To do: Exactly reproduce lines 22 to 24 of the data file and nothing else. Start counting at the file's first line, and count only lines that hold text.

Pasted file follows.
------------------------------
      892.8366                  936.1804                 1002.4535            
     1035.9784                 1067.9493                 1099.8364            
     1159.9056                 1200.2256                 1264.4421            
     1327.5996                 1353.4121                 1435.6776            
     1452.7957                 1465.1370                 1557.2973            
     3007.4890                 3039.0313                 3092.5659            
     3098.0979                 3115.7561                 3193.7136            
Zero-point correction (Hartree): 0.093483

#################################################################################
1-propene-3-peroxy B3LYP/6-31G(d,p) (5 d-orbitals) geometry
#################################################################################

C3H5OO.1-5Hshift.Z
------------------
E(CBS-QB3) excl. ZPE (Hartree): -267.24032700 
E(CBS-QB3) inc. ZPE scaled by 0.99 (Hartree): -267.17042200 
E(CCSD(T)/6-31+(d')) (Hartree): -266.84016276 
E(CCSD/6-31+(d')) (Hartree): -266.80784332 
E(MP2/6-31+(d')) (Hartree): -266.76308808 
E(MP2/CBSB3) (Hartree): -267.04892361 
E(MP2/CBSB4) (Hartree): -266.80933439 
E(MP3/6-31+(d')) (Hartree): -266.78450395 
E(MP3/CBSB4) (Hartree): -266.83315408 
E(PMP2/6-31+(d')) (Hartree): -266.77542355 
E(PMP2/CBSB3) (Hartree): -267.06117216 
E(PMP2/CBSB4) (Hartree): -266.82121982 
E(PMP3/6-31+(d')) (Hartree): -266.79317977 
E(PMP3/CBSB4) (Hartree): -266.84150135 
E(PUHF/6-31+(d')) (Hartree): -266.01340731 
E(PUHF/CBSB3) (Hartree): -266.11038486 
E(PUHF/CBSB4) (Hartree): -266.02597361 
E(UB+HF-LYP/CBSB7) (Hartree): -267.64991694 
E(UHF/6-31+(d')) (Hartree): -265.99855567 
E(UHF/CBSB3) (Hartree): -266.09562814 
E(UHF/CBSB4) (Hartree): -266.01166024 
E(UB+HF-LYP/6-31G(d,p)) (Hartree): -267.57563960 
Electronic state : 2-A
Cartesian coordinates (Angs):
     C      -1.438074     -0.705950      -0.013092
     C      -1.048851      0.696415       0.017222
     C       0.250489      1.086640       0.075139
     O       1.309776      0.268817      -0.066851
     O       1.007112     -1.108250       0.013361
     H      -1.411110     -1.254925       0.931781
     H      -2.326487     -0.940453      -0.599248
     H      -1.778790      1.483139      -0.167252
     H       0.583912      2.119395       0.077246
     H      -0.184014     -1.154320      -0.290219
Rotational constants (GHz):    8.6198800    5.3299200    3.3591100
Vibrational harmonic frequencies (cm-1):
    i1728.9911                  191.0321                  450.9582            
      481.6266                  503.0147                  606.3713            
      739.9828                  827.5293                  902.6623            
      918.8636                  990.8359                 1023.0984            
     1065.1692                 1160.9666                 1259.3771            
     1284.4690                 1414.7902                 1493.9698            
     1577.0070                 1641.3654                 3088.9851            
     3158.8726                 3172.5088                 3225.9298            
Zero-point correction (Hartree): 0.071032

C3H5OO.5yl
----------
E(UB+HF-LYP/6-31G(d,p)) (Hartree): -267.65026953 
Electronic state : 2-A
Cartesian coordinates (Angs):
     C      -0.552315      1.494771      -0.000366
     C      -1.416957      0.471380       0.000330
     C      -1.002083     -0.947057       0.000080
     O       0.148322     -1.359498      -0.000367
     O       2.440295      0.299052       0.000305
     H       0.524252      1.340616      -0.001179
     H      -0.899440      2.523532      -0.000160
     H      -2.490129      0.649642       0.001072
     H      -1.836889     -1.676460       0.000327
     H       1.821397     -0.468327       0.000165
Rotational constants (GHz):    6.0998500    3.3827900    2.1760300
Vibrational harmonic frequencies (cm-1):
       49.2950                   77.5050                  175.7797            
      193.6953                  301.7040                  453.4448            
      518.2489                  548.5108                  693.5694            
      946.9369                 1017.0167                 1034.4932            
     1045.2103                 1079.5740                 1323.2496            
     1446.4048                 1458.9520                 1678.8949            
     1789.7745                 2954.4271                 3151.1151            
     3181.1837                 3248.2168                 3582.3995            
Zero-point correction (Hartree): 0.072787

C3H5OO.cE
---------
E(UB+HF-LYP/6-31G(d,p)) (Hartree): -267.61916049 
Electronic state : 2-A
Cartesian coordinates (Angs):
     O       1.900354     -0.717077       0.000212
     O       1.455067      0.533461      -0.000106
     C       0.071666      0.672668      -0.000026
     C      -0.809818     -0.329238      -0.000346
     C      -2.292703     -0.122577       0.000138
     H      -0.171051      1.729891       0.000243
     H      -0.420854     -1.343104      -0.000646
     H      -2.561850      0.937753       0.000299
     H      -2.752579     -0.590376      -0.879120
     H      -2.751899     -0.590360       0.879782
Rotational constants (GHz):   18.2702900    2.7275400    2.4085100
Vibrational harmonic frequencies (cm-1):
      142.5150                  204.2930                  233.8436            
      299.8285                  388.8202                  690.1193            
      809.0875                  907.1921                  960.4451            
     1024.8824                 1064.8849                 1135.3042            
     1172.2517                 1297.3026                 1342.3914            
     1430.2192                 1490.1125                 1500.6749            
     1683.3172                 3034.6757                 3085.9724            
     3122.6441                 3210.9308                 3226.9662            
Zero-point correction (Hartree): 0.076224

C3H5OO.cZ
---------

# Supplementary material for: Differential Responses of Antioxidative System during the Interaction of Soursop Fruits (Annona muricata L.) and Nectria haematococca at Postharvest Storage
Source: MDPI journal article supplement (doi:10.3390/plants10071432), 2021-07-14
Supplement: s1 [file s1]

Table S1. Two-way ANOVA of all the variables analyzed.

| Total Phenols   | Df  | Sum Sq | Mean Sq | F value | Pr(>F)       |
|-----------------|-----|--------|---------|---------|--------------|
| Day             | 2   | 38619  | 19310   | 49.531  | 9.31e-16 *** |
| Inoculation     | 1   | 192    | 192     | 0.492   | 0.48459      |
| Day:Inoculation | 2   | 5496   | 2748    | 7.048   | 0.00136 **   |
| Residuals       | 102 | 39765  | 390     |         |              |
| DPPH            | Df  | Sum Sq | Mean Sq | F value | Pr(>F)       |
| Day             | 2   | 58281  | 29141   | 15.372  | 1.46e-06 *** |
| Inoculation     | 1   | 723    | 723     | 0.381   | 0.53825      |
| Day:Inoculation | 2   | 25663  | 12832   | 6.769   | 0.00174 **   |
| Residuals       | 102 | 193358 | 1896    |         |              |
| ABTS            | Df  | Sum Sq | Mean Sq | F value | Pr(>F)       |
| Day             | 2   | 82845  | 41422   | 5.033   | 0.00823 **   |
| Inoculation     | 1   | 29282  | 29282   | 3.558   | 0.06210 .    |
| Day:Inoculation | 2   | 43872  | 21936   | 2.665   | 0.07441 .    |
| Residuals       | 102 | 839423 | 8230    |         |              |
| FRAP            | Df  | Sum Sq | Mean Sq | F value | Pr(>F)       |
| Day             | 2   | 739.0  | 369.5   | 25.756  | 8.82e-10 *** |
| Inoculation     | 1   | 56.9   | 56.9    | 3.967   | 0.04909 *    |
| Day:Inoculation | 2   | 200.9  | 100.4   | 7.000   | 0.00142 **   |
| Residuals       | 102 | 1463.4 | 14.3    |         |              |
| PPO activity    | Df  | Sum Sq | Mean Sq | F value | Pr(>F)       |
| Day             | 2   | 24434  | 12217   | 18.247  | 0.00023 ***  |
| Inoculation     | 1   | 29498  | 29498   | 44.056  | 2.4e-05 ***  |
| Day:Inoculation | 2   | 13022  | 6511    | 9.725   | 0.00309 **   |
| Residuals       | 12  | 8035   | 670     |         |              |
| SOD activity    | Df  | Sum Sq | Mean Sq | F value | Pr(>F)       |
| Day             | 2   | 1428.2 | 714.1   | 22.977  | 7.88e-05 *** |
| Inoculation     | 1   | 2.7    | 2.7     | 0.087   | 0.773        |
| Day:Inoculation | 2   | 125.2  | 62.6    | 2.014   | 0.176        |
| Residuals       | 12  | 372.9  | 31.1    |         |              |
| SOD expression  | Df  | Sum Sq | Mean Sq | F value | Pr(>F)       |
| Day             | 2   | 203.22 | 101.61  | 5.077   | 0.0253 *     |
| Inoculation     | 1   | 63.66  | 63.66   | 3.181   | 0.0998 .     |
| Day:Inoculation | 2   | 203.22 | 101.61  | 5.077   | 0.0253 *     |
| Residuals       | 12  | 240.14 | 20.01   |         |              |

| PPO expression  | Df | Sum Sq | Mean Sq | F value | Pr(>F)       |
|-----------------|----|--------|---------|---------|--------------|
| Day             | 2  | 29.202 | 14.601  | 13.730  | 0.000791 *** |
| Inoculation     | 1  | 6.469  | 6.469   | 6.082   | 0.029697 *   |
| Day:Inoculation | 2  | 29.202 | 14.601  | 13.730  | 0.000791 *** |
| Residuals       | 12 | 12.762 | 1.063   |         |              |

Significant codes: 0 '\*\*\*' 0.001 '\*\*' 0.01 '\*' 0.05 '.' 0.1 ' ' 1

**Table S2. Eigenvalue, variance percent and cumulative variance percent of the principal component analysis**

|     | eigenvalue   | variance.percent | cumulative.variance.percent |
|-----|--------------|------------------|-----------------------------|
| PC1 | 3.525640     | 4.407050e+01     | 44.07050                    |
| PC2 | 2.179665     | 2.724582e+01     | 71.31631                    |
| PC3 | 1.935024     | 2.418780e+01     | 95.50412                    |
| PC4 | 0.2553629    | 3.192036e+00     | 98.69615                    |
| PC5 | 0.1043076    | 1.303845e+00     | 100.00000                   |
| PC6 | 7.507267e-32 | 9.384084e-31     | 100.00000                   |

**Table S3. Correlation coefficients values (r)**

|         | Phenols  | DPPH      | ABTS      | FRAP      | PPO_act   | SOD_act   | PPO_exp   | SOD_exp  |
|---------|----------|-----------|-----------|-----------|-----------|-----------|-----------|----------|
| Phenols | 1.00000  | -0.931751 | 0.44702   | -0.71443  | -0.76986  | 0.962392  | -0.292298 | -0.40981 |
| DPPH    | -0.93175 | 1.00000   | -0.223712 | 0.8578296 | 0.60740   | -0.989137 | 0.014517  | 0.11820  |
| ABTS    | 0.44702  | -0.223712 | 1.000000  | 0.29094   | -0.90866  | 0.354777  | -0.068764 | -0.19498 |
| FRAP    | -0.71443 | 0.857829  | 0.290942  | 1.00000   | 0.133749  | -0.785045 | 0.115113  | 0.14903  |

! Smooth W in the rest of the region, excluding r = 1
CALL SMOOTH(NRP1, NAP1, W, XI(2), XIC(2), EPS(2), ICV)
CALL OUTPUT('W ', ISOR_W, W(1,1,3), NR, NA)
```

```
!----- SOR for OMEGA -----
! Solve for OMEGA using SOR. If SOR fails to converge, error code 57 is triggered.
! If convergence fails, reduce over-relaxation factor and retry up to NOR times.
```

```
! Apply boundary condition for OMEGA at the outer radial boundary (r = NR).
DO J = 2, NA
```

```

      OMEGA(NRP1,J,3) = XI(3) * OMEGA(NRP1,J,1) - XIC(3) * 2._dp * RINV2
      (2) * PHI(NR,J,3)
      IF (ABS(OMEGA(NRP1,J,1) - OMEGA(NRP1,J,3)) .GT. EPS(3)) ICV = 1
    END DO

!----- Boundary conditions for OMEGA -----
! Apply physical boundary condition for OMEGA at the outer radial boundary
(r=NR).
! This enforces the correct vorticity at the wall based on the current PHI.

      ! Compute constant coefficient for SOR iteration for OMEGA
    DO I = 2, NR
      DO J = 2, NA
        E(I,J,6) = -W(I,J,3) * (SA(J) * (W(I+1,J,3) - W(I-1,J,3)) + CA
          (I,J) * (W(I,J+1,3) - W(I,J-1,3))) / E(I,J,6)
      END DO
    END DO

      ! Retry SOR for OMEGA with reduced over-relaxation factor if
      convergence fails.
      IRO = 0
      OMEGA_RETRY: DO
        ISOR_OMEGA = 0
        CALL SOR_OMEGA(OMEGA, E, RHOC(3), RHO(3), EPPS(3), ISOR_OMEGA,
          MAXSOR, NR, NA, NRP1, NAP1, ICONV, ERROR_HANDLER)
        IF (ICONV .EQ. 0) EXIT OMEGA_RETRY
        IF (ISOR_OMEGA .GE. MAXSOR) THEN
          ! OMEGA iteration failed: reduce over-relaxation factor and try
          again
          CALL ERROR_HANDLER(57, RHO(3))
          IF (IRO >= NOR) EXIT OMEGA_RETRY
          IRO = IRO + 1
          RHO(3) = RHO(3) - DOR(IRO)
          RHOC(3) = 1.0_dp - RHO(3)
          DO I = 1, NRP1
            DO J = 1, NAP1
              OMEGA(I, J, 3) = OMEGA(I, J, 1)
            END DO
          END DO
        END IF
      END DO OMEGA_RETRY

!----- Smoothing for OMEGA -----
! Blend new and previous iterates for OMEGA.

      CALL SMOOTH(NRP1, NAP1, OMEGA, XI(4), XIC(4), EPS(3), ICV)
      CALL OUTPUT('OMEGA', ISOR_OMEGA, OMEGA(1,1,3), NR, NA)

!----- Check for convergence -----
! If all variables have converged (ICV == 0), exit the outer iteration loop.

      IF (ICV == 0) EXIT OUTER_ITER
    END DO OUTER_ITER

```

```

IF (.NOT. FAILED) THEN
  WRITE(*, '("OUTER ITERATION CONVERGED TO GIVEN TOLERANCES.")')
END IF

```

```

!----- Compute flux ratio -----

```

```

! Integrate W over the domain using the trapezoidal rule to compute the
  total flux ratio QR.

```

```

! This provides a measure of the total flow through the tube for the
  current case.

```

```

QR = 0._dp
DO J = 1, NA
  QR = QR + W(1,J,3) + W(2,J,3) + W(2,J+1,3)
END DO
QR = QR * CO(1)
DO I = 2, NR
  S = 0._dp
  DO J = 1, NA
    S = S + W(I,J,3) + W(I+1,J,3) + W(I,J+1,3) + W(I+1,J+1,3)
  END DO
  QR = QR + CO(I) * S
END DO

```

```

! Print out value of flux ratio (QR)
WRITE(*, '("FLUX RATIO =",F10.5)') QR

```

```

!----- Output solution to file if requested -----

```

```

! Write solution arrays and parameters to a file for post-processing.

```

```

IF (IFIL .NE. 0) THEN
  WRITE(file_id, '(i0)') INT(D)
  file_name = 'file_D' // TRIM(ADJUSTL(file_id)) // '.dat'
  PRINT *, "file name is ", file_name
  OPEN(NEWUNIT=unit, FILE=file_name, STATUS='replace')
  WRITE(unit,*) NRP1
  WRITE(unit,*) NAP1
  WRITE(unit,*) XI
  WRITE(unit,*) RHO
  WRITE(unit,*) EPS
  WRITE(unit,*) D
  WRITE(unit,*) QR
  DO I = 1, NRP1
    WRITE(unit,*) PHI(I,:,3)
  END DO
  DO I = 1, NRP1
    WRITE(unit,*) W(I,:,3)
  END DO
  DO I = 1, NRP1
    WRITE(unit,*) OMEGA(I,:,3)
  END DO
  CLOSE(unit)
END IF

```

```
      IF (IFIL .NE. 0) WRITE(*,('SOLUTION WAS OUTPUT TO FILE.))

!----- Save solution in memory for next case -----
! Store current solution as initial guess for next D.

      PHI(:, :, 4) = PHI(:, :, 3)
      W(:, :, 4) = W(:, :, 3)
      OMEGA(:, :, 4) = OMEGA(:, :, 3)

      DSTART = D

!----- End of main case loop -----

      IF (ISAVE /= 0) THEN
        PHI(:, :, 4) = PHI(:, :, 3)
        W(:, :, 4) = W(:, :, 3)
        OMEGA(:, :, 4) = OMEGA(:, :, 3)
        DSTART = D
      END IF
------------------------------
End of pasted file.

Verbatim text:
E(MP3/CBSB4) (Hartree): -266.83315408 
E(PMP2/6-31+(d')) (Hartree): -266.77542355 
E(PMP2/CBSB3) (Hartree): -267.06117216 